And despite being an almost $50K SUV, the VW has no electric seat adjustment, nor a head-up display or 360-degree parking monitor. All small omissions, but together they add up to an interior that can only dream of one day being as well-equipped and luxurious as the Mazda.

Both of these SUVs are handsome in their own right and neither forgo functionality for style. While they each have a coupe-like silhouette with a sloped roof, both provide decent rear headroom. Adults taller than six foot can sit comfortably in the rear of both… just. There isn’t much in it, but the T-Roc is more suitable for people-moving duties, with theatre-style seating in the second row and no rising beltline hampering outward vision. Mazda hits back with doors that open wider (almost to 90 degrees) and plusher, more comfortable seating.

In the inanimate hauling stakes the T-Roc wins again with its 392-litre boot holding a 75-litre advantage over the CX-30. The tailgate of the VW opens taller than the Mazda, and reveals a lower loading lip to haul gear over. The T-Roc has 40:20:40 split rear seats, while the Mazda makes do with a simple 60:40 split. The most obvious ergonomic foible of either vehicle is in the T-Roc, where it’s all-too easy to bash your shin on the lower part of the dash when entering the front seats.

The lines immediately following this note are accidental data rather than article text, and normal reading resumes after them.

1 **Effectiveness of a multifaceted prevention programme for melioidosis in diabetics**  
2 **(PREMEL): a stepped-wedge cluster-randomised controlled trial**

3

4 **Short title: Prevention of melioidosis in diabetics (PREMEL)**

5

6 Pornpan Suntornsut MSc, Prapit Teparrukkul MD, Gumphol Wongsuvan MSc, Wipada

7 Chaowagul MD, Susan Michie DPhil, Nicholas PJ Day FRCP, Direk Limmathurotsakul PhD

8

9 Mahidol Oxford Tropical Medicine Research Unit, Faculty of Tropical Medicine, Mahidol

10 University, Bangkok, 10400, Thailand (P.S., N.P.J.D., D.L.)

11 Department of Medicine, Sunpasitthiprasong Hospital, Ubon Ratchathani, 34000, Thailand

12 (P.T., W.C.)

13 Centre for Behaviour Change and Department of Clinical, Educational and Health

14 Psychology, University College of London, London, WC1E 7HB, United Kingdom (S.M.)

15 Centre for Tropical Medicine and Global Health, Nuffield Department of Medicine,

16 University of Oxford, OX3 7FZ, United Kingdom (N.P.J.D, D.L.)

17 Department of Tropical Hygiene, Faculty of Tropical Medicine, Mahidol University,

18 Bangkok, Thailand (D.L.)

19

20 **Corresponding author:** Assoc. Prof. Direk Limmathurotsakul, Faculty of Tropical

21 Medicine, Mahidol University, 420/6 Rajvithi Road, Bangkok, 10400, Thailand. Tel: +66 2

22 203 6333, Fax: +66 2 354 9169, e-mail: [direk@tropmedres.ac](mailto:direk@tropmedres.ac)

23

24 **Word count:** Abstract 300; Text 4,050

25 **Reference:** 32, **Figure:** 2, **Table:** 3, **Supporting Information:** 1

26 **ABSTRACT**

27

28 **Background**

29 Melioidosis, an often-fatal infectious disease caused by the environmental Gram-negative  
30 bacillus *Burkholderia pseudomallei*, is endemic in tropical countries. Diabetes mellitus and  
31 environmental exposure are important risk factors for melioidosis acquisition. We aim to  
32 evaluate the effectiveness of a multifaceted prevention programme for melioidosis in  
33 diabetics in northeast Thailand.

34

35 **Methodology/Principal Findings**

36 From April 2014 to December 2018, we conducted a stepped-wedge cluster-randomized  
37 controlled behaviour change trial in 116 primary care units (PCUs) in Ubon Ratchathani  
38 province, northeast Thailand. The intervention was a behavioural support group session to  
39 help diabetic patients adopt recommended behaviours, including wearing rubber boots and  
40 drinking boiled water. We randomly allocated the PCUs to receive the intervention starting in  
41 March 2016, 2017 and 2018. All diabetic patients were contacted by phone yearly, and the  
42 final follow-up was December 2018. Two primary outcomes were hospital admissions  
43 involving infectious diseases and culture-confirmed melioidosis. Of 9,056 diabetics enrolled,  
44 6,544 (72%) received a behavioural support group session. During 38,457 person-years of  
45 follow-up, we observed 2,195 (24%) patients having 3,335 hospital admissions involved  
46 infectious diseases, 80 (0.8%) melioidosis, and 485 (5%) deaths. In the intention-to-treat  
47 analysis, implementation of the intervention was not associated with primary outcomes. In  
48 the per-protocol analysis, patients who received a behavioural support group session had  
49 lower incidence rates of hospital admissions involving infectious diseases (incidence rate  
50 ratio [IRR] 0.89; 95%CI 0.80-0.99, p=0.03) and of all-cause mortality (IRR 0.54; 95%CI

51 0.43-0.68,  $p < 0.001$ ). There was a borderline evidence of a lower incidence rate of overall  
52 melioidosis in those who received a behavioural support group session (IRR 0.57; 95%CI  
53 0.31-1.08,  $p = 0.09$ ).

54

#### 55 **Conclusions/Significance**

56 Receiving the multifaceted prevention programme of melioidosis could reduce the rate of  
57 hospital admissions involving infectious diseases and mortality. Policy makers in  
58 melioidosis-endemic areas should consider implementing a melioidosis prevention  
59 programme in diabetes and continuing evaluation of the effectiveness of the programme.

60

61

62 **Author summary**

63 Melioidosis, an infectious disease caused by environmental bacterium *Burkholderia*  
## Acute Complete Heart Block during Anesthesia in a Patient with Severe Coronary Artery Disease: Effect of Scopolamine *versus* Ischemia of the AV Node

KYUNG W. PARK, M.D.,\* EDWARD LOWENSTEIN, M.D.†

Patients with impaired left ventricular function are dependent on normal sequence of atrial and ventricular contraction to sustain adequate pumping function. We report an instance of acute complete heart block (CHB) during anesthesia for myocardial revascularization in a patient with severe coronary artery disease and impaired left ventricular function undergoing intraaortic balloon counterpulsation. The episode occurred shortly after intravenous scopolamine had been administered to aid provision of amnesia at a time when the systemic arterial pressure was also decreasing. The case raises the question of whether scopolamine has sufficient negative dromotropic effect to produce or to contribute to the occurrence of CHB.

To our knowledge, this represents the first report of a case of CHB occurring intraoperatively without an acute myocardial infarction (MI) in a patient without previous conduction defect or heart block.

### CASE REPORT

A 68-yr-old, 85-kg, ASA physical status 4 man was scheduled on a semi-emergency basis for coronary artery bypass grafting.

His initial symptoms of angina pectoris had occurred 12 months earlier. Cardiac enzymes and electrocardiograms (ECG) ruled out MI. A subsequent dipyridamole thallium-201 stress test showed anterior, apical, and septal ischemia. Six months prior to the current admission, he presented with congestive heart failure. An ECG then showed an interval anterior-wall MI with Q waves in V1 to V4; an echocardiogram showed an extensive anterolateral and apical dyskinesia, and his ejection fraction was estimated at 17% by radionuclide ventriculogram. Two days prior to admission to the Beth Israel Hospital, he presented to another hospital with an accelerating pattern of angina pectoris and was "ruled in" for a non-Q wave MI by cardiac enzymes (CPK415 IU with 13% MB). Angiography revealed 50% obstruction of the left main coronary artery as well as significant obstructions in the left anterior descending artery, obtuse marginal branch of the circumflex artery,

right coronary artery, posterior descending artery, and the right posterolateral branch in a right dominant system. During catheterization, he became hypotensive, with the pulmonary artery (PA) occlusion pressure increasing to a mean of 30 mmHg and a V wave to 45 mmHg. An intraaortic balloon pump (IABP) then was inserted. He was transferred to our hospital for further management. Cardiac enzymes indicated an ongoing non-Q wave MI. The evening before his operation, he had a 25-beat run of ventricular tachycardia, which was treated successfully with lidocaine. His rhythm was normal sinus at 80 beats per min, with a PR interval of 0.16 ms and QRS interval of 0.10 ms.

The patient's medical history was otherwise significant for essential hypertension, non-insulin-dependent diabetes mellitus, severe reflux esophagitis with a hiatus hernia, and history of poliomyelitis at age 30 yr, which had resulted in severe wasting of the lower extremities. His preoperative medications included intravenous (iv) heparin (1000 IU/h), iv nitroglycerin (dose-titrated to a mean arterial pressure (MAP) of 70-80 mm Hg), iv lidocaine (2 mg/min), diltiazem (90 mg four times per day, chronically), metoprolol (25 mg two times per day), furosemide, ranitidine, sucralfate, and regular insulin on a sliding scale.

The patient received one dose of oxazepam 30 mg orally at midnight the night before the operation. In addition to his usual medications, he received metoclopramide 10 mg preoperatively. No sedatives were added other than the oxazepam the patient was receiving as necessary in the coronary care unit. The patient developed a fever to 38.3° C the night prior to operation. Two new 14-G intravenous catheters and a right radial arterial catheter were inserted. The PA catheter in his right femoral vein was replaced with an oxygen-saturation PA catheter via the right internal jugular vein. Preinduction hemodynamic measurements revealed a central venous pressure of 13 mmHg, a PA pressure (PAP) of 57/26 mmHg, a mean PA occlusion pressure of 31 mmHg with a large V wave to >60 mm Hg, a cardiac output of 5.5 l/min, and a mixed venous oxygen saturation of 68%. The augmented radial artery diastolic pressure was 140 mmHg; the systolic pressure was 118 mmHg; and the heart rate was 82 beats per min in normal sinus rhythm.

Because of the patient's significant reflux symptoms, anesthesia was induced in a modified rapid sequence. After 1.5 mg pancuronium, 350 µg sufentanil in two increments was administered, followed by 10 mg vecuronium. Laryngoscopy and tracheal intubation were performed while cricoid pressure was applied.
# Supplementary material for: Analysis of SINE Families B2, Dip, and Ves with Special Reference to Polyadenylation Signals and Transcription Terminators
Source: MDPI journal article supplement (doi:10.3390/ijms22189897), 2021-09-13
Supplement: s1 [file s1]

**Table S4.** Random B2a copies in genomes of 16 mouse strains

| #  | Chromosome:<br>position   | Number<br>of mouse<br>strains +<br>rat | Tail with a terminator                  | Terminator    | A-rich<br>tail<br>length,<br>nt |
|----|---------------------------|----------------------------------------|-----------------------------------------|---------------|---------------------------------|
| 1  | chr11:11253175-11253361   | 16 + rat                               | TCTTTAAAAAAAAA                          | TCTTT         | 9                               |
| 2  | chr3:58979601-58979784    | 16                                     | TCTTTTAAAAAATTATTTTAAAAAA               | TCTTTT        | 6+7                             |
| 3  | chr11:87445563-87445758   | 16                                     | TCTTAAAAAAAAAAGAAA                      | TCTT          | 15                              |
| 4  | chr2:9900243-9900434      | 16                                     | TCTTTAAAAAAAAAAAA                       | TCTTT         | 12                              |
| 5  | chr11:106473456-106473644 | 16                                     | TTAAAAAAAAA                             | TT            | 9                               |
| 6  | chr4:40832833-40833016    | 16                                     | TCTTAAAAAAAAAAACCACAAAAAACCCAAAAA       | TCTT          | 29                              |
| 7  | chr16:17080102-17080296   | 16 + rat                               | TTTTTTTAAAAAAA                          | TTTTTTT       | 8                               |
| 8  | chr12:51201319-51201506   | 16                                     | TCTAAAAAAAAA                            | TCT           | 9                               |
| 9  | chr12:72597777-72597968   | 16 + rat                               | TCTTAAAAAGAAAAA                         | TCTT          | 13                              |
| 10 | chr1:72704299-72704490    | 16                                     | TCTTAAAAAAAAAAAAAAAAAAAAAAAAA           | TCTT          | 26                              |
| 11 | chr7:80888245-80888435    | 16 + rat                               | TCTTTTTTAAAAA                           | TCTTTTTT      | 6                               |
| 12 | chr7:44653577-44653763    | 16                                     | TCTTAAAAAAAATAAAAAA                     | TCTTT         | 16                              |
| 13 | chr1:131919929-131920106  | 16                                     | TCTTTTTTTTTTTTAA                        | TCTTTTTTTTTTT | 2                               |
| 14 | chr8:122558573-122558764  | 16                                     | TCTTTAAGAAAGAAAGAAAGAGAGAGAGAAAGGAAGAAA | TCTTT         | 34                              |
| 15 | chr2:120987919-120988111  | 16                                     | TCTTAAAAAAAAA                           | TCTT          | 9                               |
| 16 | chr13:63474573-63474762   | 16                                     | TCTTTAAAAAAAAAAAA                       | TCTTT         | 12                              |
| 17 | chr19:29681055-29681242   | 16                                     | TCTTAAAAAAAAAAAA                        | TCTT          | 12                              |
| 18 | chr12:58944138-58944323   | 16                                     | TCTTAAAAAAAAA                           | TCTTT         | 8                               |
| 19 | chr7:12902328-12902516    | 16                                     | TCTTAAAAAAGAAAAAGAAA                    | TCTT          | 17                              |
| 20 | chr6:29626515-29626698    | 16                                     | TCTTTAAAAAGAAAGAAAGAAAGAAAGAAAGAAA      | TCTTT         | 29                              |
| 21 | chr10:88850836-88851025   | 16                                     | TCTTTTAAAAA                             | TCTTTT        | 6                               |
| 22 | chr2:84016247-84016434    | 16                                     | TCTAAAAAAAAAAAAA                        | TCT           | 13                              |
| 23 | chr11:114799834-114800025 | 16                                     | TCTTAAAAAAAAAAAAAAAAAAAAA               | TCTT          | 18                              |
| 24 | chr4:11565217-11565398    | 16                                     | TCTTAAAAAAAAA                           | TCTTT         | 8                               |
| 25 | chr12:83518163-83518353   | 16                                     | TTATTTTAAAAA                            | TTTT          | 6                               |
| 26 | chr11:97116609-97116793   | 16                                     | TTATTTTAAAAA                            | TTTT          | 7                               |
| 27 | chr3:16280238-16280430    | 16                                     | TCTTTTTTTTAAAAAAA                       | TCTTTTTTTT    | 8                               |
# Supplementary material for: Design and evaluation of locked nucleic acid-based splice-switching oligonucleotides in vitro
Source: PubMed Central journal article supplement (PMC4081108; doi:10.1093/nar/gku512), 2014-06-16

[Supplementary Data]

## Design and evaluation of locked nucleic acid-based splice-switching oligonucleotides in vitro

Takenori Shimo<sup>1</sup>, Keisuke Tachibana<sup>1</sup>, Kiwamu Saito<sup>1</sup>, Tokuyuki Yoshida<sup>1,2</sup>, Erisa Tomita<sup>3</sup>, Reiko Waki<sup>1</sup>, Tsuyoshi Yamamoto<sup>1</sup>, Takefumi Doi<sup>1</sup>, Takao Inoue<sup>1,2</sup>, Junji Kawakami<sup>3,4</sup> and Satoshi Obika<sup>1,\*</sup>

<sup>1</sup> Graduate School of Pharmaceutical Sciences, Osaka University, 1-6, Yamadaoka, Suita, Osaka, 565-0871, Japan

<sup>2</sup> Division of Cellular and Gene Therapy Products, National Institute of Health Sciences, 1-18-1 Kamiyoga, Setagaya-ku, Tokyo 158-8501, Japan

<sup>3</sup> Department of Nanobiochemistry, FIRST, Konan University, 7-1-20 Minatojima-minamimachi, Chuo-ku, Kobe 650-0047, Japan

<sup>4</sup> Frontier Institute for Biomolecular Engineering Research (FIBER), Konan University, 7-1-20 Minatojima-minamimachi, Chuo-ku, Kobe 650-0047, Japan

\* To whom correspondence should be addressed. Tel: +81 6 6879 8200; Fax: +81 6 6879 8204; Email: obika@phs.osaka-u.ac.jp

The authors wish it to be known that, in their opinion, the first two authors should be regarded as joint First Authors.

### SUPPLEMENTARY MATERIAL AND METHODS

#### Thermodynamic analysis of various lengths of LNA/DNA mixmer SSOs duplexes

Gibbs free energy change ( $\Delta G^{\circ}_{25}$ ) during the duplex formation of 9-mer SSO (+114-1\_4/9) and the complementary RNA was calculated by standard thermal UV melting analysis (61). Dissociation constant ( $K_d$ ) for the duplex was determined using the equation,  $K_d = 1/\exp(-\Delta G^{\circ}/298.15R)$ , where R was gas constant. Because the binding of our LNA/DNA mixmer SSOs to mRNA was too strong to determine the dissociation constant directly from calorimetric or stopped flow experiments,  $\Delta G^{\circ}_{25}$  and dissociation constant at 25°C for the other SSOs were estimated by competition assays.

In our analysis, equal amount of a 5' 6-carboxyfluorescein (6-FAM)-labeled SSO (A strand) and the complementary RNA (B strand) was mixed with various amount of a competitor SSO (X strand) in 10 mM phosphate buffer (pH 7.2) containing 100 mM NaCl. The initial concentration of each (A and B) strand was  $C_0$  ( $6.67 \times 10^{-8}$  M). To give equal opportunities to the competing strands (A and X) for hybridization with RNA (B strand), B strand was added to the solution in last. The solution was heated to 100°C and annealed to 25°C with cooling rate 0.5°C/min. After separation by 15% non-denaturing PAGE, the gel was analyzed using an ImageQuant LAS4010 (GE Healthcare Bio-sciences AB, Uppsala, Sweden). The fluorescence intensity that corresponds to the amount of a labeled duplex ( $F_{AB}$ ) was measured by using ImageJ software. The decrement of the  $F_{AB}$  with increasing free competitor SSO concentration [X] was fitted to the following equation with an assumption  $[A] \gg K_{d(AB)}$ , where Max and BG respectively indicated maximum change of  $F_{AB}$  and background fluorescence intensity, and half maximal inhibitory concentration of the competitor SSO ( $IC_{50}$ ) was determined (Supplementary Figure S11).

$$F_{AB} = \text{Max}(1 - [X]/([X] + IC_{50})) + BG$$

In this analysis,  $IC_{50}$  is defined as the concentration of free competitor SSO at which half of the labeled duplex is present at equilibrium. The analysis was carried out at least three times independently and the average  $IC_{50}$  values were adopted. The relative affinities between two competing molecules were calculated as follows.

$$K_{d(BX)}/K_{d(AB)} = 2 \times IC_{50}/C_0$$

CX-30 engine

The T-Roc fires its most potent salvo at the Mazda from under the bonnet, where it packs a 2.0-litre turbocharged four-cylinder engine producing a punchy 140kW and 320Nm. The T-Roc never feels stressed with the peak power figure available between 4900-6000rpm, while the hearty shove of peak torque is spread from 1500-4800rpm. Mated to a seven-speed dual-clutch shifts are slick, with VW vanquishing the DCT hesitation that plagued older models.

Readers of this website should be well acquainted with the Skyactiv-G 2.5-litre in the CX-30. It’s just about the antithesis of VW’s EA888 unit, requiring a decent serving of revs to get into the powerband. Peak power of 139kW doesn’t arrive until 6000rpm, and torque shove maxes out at 252Nm at 4000rpm. If you aren’t in a rush it’s all rather amenable, and the six-speed torque converter auto is happiest when throttle inputs are progressive.

The VW’s turbo engine shames the Mazda in the real-world. Both off the line and in overtaking manoeuvres, the T-Roc offers instant go. Meanwhile the CX-30 requires considered inputs to prevent droning revs, and greater room when trying for an overtake.